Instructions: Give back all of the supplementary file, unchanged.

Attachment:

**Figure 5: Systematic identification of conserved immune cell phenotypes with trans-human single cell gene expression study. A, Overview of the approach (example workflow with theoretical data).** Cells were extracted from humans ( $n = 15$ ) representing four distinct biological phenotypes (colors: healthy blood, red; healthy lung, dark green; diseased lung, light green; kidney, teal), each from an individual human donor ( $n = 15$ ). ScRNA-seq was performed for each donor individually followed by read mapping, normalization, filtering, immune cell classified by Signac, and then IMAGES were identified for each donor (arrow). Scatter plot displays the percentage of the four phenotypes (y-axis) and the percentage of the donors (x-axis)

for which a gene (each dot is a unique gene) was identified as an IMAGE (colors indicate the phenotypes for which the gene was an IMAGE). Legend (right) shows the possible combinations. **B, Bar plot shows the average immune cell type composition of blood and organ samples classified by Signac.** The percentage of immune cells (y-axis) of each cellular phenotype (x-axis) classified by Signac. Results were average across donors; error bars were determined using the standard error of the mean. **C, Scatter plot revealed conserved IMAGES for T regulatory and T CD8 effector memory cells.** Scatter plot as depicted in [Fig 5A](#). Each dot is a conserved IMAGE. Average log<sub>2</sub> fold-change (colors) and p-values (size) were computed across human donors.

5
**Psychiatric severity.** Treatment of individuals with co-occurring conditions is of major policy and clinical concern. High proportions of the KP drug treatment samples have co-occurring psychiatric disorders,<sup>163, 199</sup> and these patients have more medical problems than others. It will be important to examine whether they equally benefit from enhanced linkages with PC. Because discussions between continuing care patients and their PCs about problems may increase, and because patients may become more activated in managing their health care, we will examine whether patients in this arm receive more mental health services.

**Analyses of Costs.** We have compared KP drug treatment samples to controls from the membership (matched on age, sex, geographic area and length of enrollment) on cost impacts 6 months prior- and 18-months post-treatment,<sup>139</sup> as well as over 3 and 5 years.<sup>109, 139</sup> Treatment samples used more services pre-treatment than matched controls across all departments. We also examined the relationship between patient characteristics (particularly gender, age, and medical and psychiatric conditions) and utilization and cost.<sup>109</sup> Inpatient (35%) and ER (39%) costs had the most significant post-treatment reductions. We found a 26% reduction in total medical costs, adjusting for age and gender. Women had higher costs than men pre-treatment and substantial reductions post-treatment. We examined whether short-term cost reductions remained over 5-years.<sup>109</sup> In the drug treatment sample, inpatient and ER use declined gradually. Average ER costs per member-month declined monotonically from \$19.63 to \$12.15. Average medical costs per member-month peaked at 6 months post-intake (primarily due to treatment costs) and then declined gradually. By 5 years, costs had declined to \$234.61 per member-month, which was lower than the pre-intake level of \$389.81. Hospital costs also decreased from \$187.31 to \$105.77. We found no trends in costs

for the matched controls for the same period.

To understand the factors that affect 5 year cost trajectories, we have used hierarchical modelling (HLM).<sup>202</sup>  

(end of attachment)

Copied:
**Figure 5: Systematic identification of conserved immune cell phenotypes with trans-human single cell gene expression study. A, Overview of the approach (example workflow with theoretical data).** Cells were extracted from humans ( $n = 15$ ) representing four distinct biological phenotypes (colors: healthy blood, red; healthy lung, dark green; diseased lung, light green; kidney, teal), each from an individual human donor ( $n = 15$ ). ScRNA-seq was performed for each donor individually followed by read mapping, normalization, filtering, immune cell classified by Signac, and then IMAGES were identified for each donor (arrow). Scatter plot displays the percentage of the four phenotypes (y-axis) and the percentage of the donors (x-axis)

for which a gene (each dot is a unique gene) was identified as an IMAGE (colors indicate the phenotypes for which the gene was an IMAGE). Legend (right) shows the possible combinations. **B, Bar plot shows the average immune cell type composition of blood and organ samples classified by Signac.** The percentage of immune cells (y-axis) of each cellular phenotype (x-axis) classified by Signac. Results were average across donors; error bars were determined using the standard error of the mean. **C, Scatter plot revealed conserved IMAGES for T regulatory and T CD8 effector memory cells.** Scatter plot as depicted in [Fig 5A](#). Each dot is a conserved IMAGE. Average log<sub>2</sub> fold-change (colors) and p-values (size) were computed across human donors.

5
**Psychiatric severity.** Treatment of individuals with co-occurring conditions is of major policy and clinical concern. High proportions of the KP drug treatment samples have co-occurring psychiatric disorders,<sup>163, 199</sup> and these patients have more medical problems than others. It will be important to examine whether they equally benefit from enhanced linkages with PC. Because discussions between continuing care patients and their PCs about problems may increase, and because patients may become more activated in managing their health care, we will examine whether patients in this arm receive more mental health services.

**Analyses of Costs.** We have compared KP drug treatment samples to controls from the membership (matched on age, sex, geographic area and length of enrollment) on cost impacts 6 months prior- and 18-months post-treatment,<sup>139</sup> as well as over 3 and 5 years.<sup>109, 139</sup> Treatment samples used more services pre-treatment than matched controls across all departments. We also examined the relationship between patient characteristics (particularly gender, age, and medical and psychiatric conditions) and utilization and cost.<sup>109</sup> Inpatient (35%) and ER (39%) costs had the most significant post-treatment reductions. We found a 26% reduction in total medical costs, adjusting for age and gender. Women had higher costs than men pre-treatment and substantial reductions post-treatment. We examined whether short-term cost reductions remained over 5-years.<sup>109</sup> In the drug treatment sample, inpatient and ER use declined gradually. Average ER costs per member-month declined monotonically from \$19.63 to \$12.15. Average medical costs per member-month peaked at 6 months post-intake (primarily due to treatment costs) and then declined gradually. By 5 years, costs had declined to \$234.61 per member-month, which was lower than the pre-intake level of \$389.81. Hospital costs also decreased from \$187.31 to \$105.77. We found no trends in costs

for the matched controls for the same period.

To understand the factors that affect 5 year cost trajectories, we have used hierarchical modelling (HLM).<sup>202</sup>  